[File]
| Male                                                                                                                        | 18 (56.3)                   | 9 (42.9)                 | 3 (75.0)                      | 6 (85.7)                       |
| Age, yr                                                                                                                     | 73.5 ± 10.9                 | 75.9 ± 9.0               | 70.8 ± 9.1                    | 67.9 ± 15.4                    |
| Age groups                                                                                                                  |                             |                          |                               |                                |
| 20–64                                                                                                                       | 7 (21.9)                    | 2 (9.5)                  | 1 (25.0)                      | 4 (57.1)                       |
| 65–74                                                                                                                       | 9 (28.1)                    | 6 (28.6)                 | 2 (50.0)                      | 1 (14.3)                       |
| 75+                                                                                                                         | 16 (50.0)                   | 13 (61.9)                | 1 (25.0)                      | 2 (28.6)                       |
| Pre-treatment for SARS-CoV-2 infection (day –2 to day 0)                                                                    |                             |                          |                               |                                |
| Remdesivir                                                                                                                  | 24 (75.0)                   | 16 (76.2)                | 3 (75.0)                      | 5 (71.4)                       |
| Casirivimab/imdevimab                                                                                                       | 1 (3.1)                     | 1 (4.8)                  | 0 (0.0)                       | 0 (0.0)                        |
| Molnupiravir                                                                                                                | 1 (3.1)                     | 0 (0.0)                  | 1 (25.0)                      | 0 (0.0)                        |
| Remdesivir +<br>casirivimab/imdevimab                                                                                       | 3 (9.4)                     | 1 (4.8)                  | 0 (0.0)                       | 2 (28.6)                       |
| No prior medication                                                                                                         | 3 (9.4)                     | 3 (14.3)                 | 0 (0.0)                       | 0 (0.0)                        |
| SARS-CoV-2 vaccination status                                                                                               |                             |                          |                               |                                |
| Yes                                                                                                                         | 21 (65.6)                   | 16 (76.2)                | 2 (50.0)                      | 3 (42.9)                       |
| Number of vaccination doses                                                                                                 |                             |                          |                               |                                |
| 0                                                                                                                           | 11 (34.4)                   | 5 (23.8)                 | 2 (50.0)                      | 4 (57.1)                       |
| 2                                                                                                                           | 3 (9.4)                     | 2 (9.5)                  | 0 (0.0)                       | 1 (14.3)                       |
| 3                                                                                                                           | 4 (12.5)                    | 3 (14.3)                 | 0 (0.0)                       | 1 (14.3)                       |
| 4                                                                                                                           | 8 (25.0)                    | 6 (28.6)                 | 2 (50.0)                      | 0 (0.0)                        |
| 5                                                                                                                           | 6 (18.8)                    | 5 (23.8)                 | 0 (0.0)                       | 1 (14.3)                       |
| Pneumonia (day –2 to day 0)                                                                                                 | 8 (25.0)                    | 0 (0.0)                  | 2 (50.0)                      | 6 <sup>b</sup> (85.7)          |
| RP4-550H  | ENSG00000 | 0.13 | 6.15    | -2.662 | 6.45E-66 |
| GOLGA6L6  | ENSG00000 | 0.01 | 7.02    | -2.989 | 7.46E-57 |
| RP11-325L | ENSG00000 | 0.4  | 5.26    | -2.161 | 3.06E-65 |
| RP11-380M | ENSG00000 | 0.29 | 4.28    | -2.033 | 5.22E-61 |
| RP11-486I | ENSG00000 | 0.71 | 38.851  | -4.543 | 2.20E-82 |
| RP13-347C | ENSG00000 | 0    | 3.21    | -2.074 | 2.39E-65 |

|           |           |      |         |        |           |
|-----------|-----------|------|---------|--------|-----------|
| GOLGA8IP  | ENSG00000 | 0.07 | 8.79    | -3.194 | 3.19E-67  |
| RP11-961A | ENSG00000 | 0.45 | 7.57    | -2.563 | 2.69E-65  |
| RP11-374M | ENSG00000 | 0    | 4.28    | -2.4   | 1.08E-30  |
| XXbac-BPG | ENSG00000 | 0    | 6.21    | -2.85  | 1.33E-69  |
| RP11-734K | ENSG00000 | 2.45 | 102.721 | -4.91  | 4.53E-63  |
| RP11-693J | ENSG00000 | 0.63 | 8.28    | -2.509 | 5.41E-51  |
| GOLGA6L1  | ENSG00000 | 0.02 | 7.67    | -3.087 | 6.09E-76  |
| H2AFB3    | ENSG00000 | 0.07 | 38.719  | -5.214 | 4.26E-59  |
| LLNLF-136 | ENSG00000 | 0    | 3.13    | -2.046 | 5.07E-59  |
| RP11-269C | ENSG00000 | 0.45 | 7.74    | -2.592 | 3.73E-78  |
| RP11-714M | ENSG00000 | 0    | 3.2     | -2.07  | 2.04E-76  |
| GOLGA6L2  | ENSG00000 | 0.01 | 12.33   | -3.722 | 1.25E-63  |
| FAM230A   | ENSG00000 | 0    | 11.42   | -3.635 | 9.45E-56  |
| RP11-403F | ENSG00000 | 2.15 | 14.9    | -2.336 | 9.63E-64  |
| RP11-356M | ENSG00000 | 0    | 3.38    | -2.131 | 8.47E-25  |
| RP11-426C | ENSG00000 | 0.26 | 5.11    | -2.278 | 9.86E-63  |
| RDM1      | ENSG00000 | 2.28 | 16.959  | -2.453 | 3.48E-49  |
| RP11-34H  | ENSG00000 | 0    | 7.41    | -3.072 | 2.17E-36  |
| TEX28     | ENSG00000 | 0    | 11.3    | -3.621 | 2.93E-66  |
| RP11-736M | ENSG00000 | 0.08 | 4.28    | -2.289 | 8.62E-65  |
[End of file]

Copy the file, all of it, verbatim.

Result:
| Male                                                                                                                        | 18 (56.3)                   | 9 (42.9)                 | 3 (75.0)                      | 6 (85.7)                       |
| Age, yr                                                                                                                     | 73.5 ± 10.9                 | 75.9 ± 9.0               | 70.8 ± 9.1                    | 67.9 ± 15.4                    |
| Age groups                                                                                                                  |                             |                          |                               |                                |
| 20–64                                                                                                                       | 7 (21.9)                    | 2 (9.5)                  | 1 (25.0)                      | 4 (57.1)                       |
| 65–74                                                                                                                       | 9 (28.1)                    | 6 (28.6)                 | 2 (50.0)                      | 1 (14.3)                       |
| 75+                                                                                                                         | 16 (50.0)                   | 13 (61.9)                | 1 (25.0)                      | 2 (28.6)                       |
| Pre-treatment for SARS-CoV-2 infection (day –2 to day 0)                                                                    |                             |                          |                               |                                |
| Remdesivir                                                                                                                  | 24 (75.0)                   | 16 (76.2)                | 3 (75.0)                      | 5 (71.4)                       |
| Casirivimab/imdevimab                                                                                                       | 1 (3.1)                     | 1 (4.8)                  | 0 (0.0)                       | 0 (0.0)                        |
| Molnupiravir                                                                                                                | 1 (3.1)                     | 0 (0.0)                  | 1 (25.0)                      | 0 (0.0)                        |
| Remdesivir +<br>casirivimab/imdevimab                                                                                       | 3 (9.4)                     | 1 (4.8)                  | 0 (0.0)                       | 2 (28.6)                       |
| No prior medication                                                                                                         | 3 (9.4)                     | 3 (14.3)                 | 0 (0.0)                       | 0 (0.0)                        |
| SARS-CoV-2 vaccination status                                                                                               |                             |                          |                               |                                |
| Yes                                                                                                                         | 21 (65.6)                   | 16 (76.2)                | 2 (50.0)                      | 3 (42.9)                       |
| Number of vaccination doses                                                                                                 |                             |                          |                               |                                |
| 0                                                                                                                           | 11 (34.4)                   | 5 (23.8)                 | 2 (50.0)                      | 4 (57.1)                       |
| 2                                                                                                                           | 3 (9.4)                     | 2 (9.5)                  | 0 (0.0)                       | 1 (14.3)                       |
| 3                                                                                                                           | 4 (12.5)                    | 3 (14.3)                 | 0 (0.0)                       | 1 (14.3)                       |
| 4                                                                                                                           | 8 (25.0)                    | 6 (28.6)                 | 2 (50.0)                      | 0 (0.0)                        |
| 5                                                                                                                           | 6 (18.8)                    | 5 (23.8)                 | 0 (0.0)                       | 1 (14.3)                       |
| Pneumonia (day –2 to day 0)                                                                                                 | 8 (25.0)                    | 0 (0.0)                  | 2 (50.0)                      | 6 <sup>b</sup> (85.7)          |
| RP4-550H  | ENSG00000 | 0.13 | 6.15    | -2.662 | 6.45E-66 |
| GOLGA6L6  | ENSG00000 | 0.01 | 7.02    | -2.989 | 7.46E-57 |
| RP11-325L | ENSG00000 | 0.4  | 5.26    | -2.161 | 3.06E-65 |
| RP11-380M | ENSG00000 | 0.29 | 4.28    | -2.033 | 5.22E-61 |
| RP11-486I | ENSG00000 | 0.71 | 38.851  | -4.543 | 2.20E-82 |
| RP13-347C | ENSG00000 | 0    | 3.21    | -2.074 | 2.39E-65 |

|           |           |      |         |        |           |
|-----------|-----------|------|---------|--------|-----------|
| GOLGA8IP  | ENSG00000 | 0.07 | 8.79    | -3.194 | 3.19E-67  |
| RP11-961A | ENSG00000 | 0.45 | 7.57    | -2.563 | 2.69E-65  |
| RP11-374M | ENSG00000 | 0    | 4.28    | -2.4   | 1.08E-30  |
| XXbac-BPG | ENSG00000 | 0    | 6.21    | -2.85  | 1.33E-69  |
| RP11-734K | ENSG00000 | 2.45 | 102.721 | -4.91  | 4.53E-63  |
| RP11-693J | ENSG00000 | 0.63 | 8.28    | -2.509 | 5.41E-51  |
| GOLGA6L1  | ENSG00000 | 0.02 | 7.67    | -3.087 | 6.09E-76  |
| H2AFB3    | ENSG00000 | 0.07 | 38.719  | -5.214 | 4.26E-59  |
| LLNLF-136 | ENSG00000 | 0    | 3.13    | -2.046 | 5.07E-59  |
| RP11-269C | ENSG00000 | 0.45 | 7.74    | -2.592 | 3.73E-78  |
| RP11-714M | ENSG00000 | 0    | 3.2     | -2.07  | 2.04E-76  |
| GOLGA6L2  | ENSG00000 | 0.01 | 12.33   | -3.722 | 1.25E-63  |
| FAM230A   | ENSG00000 | 0    | 11.42   | -3.635 | 9.45E-56  |
| RP11-403F | ENSG00000 | 2.15 | 14.9    | -2.336 | 9.63E-64  |
| RP11-356M | ENSG00000 | 0    | 3.38    | -2.131 | 8.47E-25  |
| RP11-426C | ENSG00000 | 0.26 | 5.11    | -2.278 | 9.86E-63  |
| RDM1      | ENSG00000 | 2.28 | 16.959  | -2.453 | 3.48E-49  |
| RP11-34H  | ENSG00000 | 0    | 7.41    | -3.072 | 2.17E-36  |
| TEX28     | ENSG00000 | 0    | 11.3    | -3.621 | 2.93E-66  |
| RP11-736M | ENSG00000 | 0.08 | 4.28    | -2.289 | 8.62E-65  |